Casino is a gambling establishment where patrons gamble cash or other types of value (such as food, drink, or entertainment) on games of chance or skill. Most games have a house edge, which is a mathematically determined profit margin that the casino takes for itself on every bet placed by a player. The house edge is also known as the vig or rake. The house advantage can be very small, but it adds up over millions of bets to make casinos rich enough to build impressive hotels, fountains, towers and replicas of famous landmarks.
Casinos often use various promotional techniques to attract gamblers, such as comps and free drinks. They may also offer discounted travel packages, cheap buffets and show tickets to encourage gamblers to spend more money than they otherwise would, in order to maximize their profits. Many casinos employ specialized mathematicians to research the mathematics behind the games they offer and develop strategies for increasing their revenues.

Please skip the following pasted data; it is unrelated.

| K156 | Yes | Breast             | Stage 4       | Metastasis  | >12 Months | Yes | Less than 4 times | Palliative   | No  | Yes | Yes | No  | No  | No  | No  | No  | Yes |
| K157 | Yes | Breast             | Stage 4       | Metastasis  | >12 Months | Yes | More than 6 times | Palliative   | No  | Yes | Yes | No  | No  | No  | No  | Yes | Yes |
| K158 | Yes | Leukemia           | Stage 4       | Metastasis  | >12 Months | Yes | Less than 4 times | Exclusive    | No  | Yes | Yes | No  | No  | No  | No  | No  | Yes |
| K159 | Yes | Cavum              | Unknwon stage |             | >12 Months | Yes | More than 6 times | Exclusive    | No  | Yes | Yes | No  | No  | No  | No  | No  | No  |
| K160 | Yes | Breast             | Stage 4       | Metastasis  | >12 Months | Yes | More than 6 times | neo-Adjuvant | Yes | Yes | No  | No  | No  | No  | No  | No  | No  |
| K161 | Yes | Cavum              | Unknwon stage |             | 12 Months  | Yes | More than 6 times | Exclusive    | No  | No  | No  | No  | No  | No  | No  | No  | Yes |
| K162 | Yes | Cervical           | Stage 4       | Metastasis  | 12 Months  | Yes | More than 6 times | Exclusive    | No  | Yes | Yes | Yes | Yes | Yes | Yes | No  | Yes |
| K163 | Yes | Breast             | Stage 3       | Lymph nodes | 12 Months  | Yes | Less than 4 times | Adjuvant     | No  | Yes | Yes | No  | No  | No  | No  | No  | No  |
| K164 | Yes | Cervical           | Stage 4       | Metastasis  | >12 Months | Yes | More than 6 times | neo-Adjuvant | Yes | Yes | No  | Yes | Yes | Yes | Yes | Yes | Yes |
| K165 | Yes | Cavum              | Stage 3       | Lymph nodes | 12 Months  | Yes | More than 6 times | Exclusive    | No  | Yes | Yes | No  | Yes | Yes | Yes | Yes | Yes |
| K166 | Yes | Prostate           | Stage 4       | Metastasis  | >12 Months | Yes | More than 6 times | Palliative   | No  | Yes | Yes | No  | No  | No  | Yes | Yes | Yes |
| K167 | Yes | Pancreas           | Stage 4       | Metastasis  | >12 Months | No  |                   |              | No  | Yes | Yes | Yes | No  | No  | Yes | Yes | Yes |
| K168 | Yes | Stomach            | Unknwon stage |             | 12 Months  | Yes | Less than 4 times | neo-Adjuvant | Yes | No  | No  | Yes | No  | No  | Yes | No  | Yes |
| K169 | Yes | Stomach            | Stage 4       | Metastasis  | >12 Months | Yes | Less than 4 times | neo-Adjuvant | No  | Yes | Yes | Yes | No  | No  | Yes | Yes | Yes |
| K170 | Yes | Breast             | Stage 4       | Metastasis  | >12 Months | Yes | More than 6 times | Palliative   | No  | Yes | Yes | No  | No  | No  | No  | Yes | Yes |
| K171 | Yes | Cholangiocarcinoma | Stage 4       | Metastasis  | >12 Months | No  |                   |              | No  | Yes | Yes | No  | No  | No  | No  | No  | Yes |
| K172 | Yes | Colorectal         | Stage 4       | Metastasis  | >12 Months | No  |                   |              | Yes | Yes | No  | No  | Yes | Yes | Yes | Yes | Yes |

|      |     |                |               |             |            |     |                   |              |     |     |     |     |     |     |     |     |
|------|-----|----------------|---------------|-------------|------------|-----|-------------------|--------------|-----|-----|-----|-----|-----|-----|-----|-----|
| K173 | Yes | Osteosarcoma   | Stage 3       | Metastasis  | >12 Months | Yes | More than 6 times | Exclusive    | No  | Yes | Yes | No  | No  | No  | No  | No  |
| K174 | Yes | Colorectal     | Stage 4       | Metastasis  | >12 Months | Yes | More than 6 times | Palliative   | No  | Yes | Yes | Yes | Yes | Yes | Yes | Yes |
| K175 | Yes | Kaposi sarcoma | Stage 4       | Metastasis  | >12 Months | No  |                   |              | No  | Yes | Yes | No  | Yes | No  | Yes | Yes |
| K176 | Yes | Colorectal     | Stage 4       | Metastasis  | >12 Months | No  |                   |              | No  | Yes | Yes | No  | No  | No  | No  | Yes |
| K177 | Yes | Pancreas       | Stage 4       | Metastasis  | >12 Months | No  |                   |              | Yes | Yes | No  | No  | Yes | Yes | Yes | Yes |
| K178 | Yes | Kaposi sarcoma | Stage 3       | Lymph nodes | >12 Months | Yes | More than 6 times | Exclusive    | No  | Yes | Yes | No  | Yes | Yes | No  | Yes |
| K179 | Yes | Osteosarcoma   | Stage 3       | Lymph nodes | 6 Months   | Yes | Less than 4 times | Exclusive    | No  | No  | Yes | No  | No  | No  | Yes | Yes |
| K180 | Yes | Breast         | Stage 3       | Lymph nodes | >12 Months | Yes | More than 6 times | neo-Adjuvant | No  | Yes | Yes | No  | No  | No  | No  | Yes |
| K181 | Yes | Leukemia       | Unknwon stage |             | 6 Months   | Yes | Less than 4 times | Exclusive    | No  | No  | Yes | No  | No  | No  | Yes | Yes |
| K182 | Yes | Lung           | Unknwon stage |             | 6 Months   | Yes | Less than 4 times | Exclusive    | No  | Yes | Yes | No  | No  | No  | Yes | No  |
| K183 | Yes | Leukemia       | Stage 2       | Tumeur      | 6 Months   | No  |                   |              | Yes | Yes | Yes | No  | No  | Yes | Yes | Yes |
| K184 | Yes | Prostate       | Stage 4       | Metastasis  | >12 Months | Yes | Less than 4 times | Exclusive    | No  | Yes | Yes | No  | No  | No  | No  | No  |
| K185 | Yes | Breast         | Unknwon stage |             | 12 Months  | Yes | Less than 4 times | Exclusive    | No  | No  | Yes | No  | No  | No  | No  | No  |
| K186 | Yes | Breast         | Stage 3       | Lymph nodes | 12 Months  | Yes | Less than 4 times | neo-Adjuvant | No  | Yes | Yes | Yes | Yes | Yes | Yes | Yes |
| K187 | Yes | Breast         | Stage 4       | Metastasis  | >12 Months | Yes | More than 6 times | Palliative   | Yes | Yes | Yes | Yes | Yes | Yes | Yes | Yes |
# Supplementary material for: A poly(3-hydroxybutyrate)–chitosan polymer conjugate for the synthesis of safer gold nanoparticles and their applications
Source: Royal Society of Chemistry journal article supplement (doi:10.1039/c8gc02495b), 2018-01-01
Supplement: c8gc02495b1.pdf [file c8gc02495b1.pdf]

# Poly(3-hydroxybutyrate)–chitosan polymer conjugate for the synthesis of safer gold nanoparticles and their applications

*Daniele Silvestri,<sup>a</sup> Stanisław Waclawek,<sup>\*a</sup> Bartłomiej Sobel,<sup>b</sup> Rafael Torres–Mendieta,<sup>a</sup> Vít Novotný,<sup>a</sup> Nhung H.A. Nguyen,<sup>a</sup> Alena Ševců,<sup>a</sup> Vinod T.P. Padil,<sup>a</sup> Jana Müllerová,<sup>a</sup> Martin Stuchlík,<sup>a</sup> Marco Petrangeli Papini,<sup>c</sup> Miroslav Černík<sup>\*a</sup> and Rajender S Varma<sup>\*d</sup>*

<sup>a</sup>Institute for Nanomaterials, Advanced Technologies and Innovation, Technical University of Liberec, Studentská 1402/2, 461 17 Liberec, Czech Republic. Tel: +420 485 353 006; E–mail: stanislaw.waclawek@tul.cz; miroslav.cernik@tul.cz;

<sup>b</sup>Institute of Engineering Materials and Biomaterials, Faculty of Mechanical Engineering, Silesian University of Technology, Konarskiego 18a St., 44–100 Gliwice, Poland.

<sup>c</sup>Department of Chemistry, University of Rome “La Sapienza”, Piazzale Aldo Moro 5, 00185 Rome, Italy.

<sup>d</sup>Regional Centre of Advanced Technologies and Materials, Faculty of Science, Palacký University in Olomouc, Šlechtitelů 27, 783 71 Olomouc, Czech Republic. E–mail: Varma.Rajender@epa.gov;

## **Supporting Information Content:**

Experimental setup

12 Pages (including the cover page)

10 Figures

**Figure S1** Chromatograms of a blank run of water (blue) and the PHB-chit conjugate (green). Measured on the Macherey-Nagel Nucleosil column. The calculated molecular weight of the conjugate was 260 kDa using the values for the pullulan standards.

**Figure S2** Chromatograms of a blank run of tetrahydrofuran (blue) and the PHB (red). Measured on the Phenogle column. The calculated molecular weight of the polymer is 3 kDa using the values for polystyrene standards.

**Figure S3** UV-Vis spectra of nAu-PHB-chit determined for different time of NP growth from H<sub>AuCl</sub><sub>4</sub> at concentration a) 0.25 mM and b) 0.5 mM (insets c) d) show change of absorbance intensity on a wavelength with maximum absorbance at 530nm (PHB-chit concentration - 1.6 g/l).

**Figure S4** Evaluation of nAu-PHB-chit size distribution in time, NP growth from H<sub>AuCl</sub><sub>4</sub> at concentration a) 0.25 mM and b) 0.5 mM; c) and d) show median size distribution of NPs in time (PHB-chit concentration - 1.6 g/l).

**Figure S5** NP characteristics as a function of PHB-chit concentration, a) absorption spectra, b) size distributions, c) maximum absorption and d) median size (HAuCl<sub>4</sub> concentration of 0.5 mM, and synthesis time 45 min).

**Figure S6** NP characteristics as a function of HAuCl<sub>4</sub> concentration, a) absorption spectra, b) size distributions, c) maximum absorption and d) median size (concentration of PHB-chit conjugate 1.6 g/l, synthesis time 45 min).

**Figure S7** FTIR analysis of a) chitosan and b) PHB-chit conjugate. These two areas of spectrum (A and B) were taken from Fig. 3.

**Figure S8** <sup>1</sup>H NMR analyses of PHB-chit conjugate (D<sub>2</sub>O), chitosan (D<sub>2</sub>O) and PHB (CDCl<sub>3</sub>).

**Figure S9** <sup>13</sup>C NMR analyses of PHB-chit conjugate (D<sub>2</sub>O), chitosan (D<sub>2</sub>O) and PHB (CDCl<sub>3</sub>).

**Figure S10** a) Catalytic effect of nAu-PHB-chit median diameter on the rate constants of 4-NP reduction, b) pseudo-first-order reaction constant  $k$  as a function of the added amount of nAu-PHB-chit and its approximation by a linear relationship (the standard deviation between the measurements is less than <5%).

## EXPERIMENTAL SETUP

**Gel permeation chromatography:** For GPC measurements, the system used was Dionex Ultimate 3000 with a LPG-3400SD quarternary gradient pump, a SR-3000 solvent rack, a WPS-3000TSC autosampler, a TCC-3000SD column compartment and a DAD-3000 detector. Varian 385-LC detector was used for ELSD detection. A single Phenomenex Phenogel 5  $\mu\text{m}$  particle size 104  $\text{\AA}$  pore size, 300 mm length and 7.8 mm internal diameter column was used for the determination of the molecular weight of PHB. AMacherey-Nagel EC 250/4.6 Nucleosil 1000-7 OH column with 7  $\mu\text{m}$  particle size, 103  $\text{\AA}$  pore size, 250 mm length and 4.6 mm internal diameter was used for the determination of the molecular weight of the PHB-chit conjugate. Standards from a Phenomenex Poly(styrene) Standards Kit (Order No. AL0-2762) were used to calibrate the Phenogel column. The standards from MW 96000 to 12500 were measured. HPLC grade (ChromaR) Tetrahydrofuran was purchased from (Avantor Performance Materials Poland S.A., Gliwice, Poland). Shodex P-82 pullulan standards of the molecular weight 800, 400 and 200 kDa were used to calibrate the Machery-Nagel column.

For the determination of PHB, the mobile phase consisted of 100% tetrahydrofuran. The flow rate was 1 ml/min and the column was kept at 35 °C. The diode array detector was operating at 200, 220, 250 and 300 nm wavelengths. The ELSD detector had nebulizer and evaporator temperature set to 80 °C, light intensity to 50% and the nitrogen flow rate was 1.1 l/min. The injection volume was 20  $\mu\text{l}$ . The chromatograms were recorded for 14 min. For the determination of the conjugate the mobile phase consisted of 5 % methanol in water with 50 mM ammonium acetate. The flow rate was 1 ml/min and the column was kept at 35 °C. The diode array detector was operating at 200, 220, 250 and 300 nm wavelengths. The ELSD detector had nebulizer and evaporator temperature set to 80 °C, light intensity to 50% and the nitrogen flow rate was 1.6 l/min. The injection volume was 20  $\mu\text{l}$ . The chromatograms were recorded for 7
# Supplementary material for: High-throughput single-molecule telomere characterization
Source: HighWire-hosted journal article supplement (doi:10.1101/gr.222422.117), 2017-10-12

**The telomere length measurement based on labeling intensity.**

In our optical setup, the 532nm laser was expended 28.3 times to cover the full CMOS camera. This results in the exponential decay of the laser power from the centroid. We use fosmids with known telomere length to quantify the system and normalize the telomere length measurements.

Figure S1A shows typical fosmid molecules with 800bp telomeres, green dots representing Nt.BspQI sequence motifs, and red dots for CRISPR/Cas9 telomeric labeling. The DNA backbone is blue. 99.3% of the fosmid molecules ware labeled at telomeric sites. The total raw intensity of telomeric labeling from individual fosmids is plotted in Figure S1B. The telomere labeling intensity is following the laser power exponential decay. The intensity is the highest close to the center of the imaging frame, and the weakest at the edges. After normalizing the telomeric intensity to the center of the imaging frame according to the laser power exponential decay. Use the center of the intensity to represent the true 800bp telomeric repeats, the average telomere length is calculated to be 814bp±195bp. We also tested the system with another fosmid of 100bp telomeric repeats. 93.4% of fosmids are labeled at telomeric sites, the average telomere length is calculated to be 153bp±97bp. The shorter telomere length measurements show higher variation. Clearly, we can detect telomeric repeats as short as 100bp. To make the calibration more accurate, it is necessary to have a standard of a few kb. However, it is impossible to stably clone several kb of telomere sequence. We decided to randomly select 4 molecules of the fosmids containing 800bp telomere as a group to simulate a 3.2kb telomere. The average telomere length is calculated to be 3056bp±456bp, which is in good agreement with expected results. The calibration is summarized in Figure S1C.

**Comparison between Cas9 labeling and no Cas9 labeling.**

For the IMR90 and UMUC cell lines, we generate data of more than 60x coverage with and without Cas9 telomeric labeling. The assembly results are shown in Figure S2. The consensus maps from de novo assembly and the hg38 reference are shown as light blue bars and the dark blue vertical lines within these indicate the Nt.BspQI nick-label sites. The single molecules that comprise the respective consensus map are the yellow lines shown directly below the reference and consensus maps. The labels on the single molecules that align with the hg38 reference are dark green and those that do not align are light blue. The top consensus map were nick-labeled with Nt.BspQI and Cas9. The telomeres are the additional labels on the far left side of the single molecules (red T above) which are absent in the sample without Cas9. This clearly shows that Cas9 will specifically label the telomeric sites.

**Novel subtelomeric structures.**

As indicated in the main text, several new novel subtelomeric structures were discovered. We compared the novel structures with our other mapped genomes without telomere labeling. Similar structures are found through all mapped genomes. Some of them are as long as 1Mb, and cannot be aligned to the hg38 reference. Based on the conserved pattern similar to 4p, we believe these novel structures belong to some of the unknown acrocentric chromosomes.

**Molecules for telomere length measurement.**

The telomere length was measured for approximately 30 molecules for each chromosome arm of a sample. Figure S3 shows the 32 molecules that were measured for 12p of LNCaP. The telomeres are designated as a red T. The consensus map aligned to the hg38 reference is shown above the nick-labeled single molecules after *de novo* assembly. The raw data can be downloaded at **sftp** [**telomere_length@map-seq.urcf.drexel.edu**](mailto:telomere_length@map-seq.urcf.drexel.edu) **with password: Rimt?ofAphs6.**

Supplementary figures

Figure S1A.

Casinos are often owned and operated by organized crime syndicates. In the early years of legalized gambling in Nevada, mobster money helped finance the expansion and renovation of the Las Vegas strip. Some mobsters even took sole or partial ownership of some casinos, and used their influence to control the outcomes of games through threats or actual violence against casino personnel. As a result, some of the more legitimate businessmen were reluctant to invest in casinos. The mob’s seamy image gave casinos a bad reputation, which they worked hard to overcome.